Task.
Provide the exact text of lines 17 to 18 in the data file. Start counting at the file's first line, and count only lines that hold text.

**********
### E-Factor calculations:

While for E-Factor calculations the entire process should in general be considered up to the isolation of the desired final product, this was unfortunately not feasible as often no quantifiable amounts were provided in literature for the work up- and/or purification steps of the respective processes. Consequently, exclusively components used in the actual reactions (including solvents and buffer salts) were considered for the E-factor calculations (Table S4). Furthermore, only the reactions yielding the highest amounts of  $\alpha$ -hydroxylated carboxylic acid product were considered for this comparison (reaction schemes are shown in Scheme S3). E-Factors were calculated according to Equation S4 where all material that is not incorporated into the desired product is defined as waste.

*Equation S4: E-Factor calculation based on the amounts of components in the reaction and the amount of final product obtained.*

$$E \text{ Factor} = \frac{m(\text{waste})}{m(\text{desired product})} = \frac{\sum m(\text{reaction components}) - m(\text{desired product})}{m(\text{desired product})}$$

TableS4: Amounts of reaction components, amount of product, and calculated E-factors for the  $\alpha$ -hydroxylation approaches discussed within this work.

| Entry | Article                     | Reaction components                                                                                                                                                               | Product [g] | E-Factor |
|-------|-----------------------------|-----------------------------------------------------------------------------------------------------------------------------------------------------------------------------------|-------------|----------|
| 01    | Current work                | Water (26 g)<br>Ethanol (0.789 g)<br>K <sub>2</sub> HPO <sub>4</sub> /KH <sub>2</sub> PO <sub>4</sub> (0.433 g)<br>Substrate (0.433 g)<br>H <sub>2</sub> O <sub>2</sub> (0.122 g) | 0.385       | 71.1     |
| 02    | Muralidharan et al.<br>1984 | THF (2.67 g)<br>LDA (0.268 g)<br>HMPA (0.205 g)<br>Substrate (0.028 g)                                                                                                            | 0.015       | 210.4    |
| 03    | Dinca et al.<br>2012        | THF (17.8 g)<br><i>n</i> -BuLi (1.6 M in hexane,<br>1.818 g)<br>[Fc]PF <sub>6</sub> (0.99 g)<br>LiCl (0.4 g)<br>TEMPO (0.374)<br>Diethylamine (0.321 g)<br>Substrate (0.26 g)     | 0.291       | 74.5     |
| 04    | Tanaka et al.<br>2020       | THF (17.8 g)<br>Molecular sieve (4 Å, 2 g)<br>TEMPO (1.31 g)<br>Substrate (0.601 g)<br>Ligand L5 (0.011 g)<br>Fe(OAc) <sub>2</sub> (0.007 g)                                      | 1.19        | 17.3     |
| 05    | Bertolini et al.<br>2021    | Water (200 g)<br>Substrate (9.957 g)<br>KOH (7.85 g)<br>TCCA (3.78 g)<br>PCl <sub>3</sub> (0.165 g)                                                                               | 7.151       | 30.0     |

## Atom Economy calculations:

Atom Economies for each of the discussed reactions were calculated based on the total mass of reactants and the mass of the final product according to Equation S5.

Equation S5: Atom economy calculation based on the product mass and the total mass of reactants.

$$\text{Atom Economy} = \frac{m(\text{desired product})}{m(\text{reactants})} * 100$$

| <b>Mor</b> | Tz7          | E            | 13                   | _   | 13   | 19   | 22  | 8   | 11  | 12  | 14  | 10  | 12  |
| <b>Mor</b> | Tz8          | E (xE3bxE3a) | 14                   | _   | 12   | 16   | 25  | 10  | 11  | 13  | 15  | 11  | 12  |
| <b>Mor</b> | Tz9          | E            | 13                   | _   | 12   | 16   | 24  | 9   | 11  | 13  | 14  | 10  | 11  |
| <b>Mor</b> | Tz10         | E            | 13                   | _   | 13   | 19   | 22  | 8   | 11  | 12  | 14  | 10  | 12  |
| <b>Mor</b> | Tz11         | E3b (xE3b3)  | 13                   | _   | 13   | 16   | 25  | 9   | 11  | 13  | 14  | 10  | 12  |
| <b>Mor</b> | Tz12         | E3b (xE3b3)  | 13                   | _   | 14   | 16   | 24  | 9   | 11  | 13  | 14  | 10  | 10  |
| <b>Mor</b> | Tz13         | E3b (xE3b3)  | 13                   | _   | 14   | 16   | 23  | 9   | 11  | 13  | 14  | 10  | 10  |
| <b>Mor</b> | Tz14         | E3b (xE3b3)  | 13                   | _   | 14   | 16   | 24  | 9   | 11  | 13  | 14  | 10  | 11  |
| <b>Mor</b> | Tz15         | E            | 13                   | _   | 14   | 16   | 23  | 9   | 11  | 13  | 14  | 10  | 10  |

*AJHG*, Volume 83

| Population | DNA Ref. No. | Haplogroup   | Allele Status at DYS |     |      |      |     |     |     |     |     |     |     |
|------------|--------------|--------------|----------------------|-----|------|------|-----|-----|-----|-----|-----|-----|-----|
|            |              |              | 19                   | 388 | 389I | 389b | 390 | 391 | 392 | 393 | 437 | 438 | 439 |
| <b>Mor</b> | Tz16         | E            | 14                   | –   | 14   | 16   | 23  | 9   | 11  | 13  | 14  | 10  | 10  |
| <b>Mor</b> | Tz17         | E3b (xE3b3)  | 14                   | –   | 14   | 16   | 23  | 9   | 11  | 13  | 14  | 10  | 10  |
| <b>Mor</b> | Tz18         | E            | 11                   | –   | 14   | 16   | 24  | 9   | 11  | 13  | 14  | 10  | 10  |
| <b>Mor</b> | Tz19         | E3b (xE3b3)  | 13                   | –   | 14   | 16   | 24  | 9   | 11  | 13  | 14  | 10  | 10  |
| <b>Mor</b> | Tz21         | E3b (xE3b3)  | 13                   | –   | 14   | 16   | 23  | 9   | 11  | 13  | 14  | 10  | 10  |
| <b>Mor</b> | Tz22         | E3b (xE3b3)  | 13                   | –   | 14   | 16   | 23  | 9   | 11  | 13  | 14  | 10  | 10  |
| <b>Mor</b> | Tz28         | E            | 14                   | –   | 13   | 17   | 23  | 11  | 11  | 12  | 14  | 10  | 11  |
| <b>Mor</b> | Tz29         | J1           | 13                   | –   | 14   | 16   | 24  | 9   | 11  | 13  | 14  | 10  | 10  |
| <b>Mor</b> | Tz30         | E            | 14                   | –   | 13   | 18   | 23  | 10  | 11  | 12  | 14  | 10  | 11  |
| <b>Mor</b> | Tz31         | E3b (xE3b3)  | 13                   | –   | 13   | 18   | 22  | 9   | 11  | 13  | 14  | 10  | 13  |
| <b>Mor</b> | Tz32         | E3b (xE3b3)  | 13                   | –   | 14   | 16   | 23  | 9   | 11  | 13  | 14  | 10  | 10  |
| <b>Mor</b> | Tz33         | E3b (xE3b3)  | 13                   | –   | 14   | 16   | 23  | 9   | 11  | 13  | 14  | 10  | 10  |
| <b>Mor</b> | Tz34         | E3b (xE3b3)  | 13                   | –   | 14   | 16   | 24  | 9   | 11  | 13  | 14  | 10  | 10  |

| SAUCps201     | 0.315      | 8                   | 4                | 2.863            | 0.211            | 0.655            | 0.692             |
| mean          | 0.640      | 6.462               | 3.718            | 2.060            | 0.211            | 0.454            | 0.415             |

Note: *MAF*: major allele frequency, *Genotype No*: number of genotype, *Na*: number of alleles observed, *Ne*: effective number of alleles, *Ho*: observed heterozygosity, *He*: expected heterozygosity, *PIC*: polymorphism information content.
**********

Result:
| <b>Mor</b> | Tz7          | E            | 13                   | _   | 13   | 19   | 22  | 8   | 11  | 12  | 14  | 10  | 12  |
| <b>Mor</b> | Tz8          | E (xE3bxE3a) | 14                   | _   | 12   | 16   | 25  | 10  | 11  | 13  | 15  | 11  | 12  |